Go on read the book, but please, please, don’t let the book get on to you or it will make you feel a bit insecure about your own marriage.

Disclaimer: I received a free copy of the book from the Publisher in return for my honest review. I have NOT received any monetary compensation for the same.


Ramayana: The Game of Life – Book 3 – Stolen Hope by Shubha Vilas

d359fa8e-9ad0-4154-a9b1-00835d3ef9cd.jpgI received Ramayana: The Game of Life – Book 3 – Stolen Hope by Shubha Vilas as a review copy from the author. It is the third book of the series of Ramayana written by the author. This covers the Ramayana from Dandakaranya part of the exile to Sita’s abduction.

The Blurb (from Goodreads):

In the evil labyrinths of Dandakaranya forest, human values are put to test. Rama’s righteousness, Lakshmana’s loyalty and Sita’s endurance reflect our own sense of values and judgment in difficult times. The story unfolds the facets of human life – the conflict and the trickery, the praise and the slander and, above all, the hope and the despair in the eventful forest life of the Exiled Royals.

Stolen Hope is about extreme deception and extreme love. It is about arrogant power and deep devotion. With every twist and turn, Rama, Sita and Lakshmana find themselves robbed of whatever and whoever they value most.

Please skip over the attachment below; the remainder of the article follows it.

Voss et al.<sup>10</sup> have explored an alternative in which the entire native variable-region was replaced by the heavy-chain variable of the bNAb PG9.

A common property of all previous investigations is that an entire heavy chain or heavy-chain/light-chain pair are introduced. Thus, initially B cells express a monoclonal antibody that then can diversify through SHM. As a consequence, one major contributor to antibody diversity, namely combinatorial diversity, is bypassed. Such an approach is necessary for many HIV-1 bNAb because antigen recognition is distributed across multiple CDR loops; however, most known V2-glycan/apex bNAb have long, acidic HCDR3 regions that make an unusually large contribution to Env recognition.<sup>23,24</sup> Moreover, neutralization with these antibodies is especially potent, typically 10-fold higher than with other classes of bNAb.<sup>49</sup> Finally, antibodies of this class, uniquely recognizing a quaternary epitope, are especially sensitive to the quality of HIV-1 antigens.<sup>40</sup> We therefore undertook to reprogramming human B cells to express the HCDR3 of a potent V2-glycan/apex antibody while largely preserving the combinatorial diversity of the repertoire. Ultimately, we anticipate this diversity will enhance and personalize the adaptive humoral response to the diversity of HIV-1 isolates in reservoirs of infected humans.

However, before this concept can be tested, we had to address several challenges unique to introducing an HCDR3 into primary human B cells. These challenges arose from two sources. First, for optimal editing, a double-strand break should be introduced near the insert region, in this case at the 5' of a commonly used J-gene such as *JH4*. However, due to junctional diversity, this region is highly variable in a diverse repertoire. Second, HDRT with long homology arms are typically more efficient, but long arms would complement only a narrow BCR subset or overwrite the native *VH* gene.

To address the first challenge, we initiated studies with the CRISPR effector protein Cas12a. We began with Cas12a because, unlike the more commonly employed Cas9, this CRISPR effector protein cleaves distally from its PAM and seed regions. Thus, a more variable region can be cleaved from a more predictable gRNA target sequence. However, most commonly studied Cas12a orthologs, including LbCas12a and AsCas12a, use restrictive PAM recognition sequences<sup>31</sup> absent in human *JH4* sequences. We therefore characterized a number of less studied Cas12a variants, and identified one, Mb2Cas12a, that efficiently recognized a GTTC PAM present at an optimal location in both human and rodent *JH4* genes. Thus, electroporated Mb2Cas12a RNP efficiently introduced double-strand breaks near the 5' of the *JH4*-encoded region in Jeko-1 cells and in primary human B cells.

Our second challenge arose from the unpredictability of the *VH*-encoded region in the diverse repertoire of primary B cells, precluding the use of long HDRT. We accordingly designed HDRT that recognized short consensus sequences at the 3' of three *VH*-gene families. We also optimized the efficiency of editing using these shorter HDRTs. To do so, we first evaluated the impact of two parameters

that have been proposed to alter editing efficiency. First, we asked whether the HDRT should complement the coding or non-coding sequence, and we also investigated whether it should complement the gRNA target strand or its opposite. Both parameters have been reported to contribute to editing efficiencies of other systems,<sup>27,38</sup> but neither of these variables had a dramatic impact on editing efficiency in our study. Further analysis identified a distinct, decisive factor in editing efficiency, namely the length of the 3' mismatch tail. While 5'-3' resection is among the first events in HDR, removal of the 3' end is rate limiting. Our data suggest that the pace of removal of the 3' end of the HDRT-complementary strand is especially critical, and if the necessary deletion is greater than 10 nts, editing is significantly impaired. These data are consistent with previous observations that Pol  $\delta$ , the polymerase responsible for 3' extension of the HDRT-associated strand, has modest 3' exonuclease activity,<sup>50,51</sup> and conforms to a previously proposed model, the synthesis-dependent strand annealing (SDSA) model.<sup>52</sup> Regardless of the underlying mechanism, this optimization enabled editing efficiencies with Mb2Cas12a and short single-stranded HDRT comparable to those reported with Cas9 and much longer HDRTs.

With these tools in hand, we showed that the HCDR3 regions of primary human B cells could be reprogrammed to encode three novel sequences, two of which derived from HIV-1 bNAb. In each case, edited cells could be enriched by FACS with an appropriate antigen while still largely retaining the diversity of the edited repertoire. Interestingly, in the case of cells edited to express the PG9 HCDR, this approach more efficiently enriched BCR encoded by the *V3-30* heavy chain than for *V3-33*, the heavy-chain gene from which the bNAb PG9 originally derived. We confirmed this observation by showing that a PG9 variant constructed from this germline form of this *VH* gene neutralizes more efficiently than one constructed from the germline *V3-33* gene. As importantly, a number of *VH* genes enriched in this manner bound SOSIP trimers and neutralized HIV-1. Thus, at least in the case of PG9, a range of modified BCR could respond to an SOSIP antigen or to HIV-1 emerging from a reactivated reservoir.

Exploring the dynamics of human relations – between father and son, husband and wife, teacher and disciple – and the complex game of power and greed, Stolen Hope mirrors our own dilemmas in the modern world and teaches us how we must overcome them.
Seek courage when everything, including hope, is stolen.

The story:

Rama and Lakshmana are into exile with Sita when enter Dandakaranya from Chitrakuta. They have a conflict with two demons.  Viradha and Kabandha. They then move to live in Panchavati and are living there for two years when Surpanka sees them and wants to marry Ram herself, then decides to marry Lakshman and ends up getting her ears and nose chopped off. Surpankha comes with her brother and a fourteen thousand demon army for revenge and the army is destroyed by Rama. And then she sends Ravana to take revenge.